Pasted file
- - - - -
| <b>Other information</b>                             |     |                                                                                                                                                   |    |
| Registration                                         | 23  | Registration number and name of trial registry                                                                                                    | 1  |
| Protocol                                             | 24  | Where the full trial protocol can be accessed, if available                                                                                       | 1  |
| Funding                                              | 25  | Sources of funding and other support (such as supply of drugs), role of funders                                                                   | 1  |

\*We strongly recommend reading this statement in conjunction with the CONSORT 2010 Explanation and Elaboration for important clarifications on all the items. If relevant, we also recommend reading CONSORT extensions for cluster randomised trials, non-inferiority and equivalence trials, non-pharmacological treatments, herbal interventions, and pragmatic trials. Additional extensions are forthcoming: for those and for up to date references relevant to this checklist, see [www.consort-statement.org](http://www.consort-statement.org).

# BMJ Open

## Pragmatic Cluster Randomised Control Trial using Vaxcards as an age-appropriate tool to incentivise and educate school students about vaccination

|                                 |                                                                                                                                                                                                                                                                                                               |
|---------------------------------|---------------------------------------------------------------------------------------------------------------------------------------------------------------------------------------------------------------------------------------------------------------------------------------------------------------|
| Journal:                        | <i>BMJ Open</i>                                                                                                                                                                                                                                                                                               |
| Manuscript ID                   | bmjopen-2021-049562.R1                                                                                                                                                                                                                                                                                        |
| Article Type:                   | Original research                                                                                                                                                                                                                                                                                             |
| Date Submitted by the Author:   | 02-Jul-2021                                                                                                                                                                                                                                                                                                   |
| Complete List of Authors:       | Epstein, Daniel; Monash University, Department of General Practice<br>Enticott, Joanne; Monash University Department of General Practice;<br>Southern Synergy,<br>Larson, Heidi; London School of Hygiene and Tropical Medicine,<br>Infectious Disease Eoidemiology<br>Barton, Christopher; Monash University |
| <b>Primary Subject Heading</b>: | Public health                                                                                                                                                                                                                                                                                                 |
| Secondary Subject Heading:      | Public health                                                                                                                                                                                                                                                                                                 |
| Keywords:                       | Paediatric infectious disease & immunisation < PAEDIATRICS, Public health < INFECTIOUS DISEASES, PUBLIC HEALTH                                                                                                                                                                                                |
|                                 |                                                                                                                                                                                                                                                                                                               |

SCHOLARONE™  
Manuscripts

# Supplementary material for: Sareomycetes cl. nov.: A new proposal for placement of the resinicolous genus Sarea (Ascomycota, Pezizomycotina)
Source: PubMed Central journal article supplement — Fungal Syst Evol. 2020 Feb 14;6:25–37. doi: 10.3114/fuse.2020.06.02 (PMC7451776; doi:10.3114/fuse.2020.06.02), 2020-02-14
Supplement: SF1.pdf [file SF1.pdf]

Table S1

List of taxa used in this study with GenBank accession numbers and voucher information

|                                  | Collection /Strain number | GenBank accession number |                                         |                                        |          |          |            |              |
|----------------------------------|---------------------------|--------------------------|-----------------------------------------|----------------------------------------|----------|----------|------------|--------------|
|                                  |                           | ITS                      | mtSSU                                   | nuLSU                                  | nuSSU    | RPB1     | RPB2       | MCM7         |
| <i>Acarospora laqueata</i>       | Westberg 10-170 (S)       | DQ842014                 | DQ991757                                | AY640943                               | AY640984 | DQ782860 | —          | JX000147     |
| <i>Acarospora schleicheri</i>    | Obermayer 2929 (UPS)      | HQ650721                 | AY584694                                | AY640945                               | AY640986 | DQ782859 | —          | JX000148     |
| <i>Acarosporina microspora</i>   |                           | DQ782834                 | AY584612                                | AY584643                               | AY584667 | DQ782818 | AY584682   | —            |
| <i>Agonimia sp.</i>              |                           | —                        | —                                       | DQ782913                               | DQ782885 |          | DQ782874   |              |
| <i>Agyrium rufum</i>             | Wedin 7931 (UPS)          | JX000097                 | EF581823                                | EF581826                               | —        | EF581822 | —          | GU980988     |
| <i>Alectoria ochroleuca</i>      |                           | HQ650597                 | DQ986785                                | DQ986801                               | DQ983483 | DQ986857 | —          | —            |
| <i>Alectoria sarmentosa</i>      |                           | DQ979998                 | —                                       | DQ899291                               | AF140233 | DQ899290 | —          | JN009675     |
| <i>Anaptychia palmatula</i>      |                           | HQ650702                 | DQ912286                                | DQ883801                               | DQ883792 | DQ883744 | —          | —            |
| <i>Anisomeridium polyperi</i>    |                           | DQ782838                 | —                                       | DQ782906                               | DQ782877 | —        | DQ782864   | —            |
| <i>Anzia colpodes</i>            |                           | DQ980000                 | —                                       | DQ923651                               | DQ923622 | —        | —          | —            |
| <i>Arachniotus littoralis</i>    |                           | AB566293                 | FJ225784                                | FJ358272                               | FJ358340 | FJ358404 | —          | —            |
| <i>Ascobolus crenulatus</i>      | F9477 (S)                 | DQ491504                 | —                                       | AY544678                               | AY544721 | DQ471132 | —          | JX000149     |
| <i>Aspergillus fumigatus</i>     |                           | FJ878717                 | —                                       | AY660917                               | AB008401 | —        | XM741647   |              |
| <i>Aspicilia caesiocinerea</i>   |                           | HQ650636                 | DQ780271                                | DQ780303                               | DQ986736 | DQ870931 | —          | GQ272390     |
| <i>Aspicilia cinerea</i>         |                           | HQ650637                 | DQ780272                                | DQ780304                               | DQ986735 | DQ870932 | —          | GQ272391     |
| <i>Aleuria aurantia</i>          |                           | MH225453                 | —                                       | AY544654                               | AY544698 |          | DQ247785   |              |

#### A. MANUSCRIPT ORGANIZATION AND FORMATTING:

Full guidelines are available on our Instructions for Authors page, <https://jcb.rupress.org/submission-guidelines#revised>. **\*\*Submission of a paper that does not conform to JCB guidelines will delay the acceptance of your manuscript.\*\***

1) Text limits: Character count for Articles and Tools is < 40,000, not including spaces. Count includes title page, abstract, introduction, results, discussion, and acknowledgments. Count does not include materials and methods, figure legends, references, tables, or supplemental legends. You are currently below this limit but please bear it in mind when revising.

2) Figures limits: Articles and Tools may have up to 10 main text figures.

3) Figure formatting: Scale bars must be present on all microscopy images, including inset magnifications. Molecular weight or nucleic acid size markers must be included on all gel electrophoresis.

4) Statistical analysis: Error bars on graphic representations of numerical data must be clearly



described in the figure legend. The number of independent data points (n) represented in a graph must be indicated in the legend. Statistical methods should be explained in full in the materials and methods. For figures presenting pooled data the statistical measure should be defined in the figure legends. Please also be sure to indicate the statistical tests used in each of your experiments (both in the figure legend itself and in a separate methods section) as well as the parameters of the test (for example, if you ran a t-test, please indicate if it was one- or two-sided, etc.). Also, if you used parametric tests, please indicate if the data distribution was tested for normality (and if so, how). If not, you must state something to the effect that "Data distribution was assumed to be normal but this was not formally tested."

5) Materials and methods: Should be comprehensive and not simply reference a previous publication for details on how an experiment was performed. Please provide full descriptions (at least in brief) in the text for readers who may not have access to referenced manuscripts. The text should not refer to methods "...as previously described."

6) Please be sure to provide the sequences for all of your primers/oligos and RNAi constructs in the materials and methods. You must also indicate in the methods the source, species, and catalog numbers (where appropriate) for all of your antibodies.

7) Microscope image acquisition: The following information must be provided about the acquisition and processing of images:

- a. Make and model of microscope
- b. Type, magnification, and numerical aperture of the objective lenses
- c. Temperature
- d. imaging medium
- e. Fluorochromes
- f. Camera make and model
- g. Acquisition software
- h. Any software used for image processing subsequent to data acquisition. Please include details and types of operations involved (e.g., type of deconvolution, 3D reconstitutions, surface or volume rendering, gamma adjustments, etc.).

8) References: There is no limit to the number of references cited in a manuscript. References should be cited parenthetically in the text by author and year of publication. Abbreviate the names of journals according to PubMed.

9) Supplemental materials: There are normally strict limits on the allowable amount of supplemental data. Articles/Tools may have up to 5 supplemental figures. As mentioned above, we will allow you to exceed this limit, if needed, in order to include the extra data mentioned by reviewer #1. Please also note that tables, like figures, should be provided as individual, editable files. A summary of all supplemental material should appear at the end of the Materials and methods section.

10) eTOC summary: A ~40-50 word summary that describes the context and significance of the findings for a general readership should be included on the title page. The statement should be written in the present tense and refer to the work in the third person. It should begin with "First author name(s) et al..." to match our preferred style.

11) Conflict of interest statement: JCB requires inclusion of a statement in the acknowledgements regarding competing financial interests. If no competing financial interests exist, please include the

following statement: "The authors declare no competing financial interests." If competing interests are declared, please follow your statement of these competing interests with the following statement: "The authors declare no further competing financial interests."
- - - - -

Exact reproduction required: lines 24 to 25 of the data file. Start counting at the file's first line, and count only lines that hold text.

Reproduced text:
Table S1

List of taxa used in this study with GenBank accession numbers and voucher information